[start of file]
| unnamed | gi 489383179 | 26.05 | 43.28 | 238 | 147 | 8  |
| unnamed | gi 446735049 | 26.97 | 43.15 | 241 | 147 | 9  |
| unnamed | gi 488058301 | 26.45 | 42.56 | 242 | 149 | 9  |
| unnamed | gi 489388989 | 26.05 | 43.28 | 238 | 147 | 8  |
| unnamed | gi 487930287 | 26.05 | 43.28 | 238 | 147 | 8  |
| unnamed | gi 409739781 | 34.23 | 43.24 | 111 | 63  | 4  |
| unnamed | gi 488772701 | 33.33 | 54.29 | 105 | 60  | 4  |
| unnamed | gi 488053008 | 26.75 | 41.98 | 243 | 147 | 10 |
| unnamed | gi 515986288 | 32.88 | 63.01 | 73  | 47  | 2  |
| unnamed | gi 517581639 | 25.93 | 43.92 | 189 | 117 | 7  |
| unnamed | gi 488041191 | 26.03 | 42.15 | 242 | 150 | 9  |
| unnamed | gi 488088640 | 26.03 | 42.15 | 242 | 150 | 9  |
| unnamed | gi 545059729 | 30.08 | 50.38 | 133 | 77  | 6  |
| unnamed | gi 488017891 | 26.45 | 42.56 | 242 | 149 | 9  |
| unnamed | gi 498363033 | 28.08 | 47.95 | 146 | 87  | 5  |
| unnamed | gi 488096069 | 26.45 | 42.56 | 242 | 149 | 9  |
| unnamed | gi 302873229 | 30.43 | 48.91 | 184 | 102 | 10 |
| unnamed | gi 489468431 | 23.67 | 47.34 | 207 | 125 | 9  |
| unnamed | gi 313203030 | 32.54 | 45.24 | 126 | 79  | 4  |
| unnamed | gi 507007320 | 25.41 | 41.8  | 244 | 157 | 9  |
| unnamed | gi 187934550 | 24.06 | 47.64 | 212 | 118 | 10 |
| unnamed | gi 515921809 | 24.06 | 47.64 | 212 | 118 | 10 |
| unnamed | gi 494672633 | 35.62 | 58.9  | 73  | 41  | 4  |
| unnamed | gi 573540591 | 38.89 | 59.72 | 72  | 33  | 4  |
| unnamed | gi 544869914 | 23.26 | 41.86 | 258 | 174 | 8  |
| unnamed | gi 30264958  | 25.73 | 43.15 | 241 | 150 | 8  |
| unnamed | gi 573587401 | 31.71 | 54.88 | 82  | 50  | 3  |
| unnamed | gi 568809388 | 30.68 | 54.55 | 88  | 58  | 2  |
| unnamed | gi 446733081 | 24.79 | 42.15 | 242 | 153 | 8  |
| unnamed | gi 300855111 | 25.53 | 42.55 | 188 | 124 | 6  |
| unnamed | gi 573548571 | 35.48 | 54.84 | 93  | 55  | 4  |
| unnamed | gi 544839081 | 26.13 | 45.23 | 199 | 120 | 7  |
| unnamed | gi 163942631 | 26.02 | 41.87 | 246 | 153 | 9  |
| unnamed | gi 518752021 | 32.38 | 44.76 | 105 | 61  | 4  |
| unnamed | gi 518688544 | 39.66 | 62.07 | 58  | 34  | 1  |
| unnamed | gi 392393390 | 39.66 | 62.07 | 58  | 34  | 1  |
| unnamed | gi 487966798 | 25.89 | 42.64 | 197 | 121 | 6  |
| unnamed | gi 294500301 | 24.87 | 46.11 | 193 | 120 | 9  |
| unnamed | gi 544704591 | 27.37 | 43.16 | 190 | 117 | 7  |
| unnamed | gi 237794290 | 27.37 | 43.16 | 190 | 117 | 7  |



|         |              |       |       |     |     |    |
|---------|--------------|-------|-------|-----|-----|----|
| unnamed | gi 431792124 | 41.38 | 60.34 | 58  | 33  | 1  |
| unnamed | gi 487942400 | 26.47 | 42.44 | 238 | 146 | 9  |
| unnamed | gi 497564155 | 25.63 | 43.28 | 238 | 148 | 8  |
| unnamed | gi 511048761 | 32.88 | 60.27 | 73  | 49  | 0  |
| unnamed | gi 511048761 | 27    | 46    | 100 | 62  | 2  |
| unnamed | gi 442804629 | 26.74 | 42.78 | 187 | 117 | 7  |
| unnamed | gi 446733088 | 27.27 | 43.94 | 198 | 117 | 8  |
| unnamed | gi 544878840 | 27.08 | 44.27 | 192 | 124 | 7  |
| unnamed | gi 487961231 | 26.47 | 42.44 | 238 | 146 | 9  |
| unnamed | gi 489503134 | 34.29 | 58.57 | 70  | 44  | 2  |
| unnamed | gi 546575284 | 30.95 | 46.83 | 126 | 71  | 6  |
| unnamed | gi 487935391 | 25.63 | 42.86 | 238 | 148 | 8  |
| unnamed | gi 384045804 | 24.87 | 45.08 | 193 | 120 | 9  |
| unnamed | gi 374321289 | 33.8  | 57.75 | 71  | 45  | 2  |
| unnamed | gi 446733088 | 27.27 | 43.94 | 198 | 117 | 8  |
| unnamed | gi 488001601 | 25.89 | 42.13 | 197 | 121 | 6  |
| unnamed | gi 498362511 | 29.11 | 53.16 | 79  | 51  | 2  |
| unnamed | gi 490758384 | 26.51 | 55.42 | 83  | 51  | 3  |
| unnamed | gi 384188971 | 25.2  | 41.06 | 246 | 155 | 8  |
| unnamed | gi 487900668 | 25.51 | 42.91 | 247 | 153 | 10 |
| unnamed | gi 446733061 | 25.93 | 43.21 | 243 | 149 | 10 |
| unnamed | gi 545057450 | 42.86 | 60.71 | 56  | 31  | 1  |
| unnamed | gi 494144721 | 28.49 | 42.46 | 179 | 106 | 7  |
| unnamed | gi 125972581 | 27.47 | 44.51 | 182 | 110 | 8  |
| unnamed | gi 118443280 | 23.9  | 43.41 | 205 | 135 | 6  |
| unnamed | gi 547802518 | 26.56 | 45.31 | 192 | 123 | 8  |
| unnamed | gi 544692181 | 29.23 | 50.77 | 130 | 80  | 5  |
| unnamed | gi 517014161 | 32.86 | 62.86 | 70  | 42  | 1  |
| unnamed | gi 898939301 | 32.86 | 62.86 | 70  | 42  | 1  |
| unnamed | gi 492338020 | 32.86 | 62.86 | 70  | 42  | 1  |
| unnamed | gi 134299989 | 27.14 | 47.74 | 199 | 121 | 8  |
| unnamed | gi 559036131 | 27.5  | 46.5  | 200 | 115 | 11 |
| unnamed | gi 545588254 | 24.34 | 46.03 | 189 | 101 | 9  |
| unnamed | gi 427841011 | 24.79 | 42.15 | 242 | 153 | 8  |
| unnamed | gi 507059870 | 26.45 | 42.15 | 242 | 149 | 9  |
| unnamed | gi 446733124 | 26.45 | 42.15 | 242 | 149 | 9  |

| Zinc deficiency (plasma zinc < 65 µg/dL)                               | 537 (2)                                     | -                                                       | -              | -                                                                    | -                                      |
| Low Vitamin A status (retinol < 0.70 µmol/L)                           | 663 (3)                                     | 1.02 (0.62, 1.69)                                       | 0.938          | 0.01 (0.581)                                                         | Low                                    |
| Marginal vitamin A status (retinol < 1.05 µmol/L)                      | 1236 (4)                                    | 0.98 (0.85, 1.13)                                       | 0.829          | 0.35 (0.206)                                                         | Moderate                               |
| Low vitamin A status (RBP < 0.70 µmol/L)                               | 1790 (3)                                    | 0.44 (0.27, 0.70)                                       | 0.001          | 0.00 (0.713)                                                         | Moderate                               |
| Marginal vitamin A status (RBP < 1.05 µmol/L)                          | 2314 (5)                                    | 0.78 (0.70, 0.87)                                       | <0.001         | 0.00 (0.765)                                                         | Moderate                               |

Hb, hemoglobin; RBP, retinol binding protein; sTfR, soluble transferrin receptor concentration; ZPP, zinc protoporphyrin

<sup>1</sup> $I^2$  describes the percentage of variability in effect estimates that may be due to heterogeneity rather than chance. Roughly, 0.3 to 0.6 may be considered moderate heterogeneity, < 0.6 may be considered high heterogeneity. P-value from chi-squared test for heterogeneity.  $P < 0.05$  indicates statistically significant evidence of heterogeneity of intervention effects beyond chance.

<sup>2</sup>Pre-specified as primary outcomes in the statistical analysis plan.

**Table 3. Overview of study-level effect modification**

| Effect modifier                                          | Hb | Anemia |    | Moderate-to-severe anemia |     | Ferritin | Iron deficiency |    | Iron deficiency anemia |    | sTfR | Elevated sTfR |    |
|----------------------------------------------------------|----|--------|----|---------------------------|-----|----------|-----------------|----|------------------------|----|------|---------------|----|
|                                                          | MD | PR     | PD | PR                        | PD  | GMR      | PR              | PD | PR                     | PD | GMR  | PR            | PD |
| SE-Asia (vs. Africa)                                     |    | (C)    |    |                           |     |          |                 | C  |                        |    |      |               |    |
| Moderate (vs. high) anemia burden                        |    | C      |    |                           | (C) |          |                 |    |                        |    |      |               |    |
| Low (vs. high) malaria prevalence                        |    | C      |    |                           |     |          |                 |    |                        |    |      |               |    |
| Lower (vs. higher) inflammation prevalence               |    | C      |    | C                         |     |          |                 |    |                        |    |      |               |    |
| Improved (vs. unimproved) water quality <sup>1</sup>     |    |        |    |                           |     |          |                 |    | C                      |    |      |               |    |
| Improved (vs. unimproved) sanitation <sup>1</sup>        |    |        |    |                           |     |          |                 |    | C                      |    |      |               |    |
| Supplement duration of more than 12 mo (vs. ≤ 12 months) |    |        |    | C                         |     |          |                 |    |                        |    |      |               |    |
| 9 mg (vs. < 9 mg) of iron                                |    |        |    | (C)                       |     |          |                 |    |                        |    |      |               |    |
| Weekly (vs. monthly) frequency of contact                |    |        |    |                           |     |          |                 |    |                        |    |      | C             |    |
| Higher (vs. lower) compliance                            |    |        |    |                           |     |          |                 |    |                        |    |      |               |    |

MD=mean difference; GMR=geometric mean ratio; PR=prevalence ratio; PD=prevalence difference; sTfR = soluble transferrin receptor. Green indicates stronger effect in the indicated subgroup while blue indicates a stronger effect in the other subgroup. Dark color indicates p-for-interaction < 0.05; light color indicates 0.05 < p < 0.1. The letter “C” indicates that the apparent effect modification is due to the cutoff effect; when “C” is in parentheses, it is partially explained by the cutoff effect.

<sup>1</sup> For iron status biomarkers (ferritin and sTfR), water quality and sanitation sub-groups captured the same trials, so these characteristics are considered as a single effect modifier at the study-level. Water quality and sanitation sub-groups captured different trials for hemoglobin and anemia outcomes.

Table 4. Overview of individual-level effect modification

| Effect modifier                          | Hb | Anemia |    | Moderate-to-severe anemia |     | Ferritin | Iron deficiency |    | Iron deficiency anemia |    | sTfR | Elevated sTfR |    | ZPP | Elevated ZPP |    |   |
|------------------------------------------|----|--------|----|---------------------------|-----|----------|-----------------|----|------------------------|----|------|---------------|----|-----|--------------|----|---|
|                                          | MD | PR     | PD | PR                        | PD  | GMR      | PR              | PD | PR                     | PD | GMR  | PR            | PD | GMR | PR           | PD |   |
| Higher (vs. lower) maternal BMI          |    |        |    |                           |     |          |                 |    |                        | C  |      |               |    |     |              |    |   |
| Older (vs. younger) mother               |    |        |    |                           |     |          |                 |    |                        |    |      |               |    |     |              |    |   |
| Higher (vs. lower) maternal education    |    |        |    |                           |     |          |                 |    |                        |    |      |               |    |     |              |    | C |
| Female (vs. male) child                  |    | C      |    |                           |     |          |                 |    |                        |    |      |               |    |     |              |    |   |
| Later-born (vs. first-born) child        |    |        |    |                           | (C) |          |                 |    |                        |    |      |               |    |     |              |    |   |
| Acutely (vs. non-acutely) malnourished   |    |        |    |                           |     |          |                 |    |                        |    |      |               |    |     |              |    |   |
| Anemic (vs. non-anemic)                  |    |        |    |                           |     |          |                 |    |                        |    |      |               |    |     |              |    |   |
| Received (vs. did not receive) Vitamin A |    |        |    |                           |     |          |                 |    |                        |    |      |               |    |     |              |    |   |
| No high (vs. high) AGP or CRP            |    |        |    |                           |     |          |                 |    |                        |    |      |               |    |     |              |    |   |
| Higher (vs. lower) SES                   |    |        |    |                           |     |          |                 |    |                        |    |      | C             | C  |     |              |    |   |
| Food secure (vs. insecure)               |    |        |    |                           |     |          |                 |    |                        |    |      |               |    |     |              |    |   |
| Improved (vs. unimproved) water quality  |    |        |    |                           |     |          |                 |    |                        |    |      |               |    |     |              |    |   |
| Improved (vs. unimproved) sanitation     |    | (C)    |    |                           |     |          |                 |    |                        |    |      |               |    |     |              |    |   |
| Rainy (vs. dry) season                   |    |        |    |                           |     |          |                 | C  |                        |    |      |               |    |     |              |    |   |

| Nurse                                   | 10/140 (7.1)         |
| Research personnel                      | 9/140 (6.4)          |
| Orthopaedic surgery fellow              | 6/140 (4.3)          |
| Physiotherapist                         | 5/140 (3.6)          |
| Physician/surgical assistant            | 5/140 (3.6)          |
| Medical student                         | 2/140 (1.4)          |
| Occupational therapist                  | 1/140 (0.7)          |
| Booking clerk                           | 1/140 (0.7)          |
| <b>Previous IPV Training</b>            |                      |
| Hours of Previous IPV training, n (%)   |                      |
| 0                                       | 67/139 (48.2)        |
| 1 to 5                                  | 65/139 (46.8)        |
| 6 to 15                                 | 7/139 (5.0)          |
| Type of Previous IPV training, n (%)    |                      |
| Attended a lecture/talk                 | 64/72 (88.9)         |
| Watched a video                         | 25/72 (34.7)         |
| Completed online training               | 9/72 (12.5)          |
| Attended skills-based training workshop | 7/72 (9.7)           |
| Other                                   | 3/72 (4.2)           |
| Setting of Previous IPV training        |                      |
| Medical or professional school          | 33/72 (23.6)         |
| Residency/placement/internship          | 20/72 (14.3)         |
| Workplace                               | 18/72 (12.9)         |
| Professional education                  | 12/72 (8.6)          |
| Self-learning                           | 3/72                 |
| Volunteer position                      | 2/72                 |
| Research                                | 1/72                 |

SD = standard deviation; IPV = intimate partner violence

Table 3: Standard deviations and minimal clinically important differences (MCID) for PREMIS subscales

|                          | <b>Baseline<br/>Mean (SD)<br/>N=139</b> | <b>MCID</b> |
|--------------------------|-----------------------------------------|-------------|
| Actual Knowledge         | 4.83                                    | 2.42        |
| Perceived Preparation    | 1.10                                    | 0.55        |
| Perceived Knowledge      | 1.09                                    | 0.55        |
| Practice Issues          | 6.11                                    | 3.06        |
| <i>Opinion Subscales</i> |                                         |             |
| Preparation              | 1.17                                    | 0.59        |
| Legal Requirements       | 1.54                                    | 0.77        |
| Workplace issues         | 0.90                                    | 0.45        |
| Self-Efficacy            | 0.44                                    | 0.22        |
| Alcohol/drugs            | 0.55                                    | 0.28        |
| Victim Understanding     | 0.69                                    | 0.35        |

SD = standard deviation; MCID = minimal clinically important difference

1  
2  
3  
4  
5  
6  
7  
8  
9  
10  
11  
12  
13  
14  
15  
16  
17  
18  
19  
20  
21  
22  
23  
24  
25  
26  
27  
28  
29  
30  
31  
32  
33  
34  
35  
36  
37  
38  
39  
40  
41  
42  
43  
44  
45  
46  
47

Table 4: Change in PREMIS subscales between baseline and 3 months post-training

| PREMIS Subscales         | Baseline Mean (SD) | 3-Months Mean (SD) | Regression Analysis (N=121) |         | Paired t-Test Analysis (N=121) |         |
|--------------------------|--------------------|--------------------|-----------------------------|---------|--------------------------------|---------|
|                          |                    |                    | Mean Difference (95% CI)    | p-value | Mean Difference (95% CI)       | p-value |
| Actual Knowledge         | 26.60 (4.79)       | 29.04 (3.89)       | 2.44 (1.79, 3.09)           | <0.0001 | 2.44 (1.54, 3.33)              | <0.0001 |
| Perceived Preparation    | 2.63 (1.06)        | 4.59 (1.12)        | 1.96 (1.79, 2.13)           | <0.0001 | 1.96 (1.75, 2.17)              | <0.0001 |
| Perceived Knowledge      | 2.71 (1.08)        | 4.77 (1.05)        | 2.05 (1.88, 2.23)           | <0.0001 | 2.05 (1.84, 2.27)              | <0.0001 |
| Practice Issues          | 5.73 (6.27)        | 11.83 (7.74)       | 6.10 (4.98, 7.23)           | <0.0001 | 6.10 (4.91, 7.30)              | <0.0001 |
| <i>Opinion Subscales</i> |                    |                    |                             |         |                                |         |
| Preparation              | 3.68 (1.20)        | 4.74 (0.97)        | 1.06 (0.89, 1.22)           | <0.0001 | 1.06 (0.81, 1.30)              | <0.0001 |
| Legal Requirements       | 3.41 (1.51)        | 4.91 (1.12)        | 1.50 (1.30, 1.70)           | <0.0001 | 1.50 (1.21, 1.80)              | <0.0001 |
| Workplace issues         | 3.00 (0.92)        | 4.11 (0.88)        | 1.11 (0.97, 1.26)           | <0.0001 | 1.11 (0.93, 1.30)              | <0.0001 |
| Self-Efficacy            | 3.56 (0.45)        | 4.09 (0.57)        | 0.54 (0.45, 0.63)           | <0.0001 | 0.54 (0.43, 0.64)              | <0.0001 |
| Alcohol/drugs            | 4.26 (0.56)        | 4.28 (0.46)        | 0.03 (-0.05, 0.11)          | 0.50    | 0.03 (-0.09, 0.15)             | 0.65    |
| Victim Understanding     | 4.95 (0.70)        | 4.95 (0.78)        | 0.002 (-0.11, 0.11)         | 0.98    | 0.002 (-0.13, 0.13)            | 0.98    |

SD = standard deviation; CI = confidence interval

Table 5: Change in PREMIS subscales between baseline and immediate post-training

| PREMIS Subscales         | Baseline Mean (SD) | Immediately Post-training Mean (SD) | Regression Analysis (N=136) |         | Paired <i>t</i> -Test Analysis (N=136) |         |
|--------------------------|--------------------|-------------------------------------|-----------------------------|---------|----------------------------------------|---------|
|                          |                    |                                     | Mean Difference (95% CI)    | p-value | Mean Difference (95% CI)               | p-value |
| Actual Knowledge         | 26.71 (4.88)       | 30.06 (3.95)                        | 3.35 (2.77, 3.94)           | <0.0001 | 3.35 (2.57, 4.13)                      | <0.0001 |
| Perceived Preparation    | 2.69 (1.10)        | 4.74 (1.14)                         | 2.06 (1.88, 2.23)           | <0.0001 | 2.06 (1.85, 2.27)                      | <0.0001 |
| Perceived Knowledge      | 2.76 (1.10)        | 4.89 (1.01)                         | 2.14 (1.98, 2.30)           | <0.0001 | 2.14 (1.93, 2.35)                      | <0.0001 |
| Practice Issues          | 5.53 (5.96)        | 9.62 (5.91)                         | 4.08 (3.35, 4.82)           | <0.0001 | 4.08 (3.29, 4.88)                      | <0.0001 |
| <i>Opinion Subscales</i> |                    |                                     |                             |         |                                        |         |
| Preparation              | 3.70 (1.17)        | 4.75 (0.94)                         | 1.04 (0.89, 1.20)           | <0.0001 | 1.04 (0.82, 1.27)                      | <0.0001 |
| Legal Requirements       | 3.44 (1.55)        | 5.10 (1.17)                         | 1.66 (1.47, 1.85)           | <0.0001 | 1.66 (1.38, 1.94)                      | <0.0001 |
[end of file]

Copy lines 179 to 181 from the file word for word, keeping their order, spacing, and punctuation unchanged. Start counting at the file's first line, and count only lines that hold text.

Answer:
16  
17  
18  